Every year at Christmas time, my high school social studies teacher, Mr. Cundiff, would write the phrase, “Wise Men Still Seek Him” on the chalkboard in his classroom and refer to it often during the season.
The story of the wise men has had a profound impact on Christian culture. We barely get through Halloween before we start seeing advertisements on TV and in magazines about what to buy for friends and loved ones for Christmas. All of that craziness, spending, and bustle to which we have become so accustomed during this season can be traced all the way back to the gifts given to Jesus in Bethlehem over 2,000 years ago by some unnamed men who journeyed from afar to worship the Christ child.
There are many variations and apocryphal elements of the wise men’s story, but what we can glean from the Gospel account is this: these men came, following a star in search of a child born King of the Jews, and bearing gifts of gold, frankincense, and myrrh. They went to Jerusalem and began asking around for the child born king of the Jews. King Herod consulted his scholars, who identified Bethlehem as the likely location. The wise men found Jesus and Mary in a house in Bethlehem, where they presented their gifts and worshiped Jesus. Then, being warned by a dream, they returned home by a different route instead of returning to Herod.
I want to offer three observations that I believe illustrate ways in which these men were truly wise in their pursuit of Jesus, and how we may be able to apply those lessons to our own lives as we attempt to seek Christ wisely.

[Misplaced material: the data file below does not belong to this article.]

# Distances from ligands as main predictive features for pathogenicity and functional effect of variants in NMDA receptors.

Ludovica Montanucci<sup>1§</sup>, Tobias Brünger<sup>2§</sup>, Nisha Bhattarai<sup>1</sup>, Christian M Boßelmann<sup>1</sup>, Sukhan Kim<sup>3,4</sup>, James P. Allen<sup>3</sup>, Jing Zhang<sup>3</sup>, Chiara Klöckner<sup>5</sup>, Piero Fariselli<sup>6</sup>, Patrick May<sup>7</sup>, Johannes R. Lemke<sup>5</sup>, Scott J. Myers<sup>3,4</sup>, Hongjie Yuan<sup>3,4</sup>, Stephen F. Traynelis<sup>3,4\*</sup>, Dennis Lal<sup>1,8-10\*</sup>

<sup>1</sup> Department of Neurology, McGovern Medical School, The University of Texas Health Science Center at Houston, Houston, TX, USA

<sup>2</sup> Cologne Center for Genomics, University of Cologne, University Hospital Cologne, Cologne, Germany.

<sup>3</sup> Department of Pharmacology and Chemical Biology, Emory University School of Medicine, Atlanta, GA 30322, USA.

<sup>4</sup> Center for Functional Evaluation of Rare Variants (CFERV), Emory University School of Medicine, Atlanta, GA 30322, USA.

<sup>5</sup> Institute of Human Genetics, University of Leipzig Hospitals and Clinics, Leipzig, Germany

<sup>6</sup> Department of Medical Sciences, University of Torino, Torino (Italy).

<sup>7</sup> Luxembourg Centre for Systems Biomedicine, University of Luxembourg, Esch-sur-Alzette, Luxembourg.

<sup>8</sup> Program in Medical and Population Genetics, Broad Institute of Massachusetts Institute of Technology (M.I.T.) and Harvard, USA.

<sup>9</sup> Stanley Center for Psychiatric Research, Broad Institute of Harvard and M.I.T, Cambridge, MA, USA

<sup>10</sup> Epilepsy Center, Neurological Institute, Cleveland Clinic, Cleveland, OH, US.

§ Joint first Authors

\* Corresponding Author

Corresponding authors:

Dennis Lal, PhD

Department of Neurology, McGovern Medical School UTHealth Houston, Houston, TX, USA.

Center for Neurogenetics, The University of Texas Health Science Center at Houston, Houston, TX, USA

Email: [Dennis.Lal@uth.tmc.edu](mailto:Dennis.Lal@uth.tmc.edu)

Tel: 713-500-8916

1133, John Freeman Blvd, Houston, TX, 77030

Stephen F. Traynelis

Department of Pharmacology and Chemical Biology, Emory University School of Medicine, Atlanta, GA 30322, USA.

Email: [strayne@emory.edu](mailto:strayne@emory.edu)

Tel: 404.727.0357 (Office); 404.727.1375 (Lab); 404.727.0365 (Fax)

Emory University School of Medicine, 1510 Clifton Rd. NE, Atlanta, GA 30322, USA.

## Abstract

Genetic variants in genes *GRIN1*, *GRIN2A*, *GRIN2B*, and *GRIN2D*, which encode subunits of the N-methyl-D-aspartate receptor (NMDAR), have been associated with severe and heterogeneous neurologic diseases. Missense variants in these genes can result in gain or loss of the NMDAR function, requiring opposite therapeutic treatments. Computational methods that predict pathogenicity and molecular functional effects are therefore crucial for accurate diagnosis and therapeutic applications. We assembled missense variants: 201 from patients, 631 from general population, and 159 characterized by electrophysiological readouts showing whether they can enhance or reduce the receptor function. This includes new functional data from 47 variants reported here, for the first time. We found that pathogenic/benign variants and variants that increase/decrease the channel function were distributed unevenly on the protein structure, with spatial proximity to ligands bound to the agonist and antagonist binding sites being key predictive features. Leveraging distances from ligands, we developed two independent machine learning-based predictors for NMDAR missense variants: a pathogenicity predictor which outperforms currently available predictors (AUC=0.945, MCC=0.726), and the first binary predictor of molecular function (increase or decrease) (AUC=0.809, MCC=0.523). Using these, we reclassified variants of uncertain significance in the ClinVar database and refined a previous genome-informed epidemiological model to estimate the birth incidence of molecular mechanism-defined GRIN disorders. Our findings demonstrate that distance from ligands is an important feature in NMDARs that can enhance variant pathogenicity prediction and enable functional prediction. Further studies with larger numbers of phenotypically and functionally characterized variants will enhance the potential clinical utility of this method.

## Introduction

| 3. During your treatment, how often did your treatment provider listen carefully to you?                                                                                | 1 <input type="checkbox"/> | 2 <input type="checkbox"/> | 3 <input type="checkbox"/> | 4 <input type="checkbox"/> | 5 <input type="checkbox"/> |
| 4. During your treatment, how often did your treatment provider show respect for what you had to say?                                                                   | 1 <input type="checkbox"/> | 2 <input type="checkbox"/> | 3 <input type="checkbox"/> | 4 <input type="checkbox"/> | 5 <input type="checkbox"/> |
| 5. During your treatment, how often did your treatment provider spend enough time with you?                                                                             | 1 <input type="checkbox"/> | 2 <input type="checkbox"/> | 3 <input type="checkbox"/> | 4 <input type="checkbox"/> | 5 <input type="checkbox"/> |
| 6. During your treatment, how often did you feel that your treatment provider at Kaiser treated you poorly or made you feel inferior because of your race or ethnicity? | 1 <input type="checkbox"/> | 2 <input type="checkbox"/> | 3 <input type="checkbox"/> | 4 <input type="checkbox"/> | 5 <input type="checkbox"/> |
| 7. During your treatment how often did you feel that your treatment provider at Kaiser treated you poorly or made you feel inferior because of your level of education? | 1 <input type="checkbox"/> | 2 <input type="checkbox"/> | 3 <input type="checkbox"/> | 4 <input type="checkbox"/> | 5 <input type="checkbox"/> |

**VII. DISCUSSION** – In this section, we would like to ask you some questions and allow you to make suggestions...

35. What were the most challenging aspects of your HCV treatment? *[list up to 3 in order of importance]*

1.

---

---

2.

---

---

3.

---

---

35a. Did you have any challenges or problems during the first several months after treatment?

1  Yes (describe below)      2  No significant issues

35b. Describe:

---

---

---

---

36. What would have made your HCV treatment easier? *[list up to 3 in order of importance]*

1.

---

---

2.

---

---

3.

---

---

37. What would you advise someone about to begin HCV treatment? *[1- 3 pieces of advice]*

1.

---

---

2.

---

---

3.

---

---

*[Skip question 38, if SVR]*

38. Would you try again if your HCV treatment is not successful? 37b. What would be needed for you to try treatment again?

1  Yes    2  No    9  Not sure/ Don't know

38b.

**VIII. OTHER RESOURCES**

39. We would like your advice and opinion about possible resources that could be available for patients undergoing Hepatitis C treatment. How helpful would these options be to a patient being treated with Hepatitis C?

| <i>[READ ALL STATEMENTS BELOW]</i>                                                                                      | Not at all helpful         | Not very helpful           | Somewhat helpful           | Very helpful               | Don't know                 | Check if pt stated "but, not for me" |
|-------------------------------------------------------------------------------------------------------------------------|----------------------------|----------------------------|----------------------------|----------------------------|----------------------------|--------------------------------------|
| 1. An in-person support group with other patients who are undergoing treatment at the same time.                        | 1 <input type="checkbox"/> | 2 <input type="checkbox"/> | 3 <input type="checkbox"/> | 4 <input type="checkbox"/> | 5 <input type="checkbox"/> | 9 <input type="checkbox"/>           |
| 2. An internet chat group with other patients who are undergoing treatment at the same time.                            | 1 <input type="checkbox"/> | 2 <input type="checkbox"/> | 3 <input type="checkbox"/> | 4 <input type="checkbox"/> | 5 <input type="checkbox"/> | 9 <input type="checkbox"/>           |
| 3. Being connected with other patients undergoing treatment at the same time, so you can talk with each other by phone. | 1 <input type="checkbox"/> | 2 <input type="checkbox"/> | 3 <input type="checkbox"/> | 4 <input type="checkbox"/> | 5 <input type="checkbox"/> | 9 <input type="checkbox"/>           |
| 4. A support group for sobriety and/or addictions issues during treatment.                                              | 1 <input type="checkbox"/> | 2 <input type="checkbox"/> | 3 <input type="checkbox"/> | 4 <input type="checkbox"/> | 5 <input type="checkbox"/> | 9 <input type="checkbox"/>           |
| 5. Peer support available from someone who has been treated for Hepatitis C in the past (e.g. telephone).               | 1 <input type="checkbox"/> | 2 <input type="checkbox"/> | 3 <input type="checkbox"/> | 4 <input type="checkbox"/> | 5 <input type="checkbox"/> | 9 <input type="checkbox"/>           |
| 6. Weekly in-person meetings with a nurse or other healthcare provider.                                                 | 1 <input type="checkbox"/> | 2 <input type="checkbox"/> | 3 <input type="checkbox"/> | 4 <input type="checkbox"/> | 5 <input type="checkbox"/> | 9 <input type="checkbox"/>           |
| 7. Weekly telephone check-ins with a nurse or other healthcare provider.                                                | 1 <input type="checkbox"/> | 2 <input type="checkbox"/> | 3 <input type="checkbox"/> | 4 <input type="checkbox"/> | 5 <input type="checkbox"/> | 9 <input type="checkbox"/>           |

God drew the wise men with a sign they would recognize. These men were astrologers – they sought answers to the great questions of life from the stars. They were looking to the stars for a sign, and a sign was given to them.
If we took a poll of our fellow believers and asked them to share how they were introduced to Jesus, what range of answers would we get? Though I suspect that many of us were introduced to Jesus in Christian homes, that is not always the case. But everyone who comes to Christ must be led to Him in some way. We call that prevenient grace – that when we did not know how to come to God, He by some way drew us to Him. And God draws us to Himself in ways that we can recognize.
When seeking Jesus, the wise men took the counsel of Scripture. There is a growing trend in American Christianity that values personal revelation over scriptural foundation. You hear a lot of “I believe this” or “I don’t believe that” without any reference to God’s Word.
If you are going to explain who God is, if you are going to describe His character, if you are going to consider how He moves and operates in the world, you must study the Bible. If you want to define what is moral, what is pleasing to God, what draws His wrath, what is the acceptable way to live, you have to consult His Word.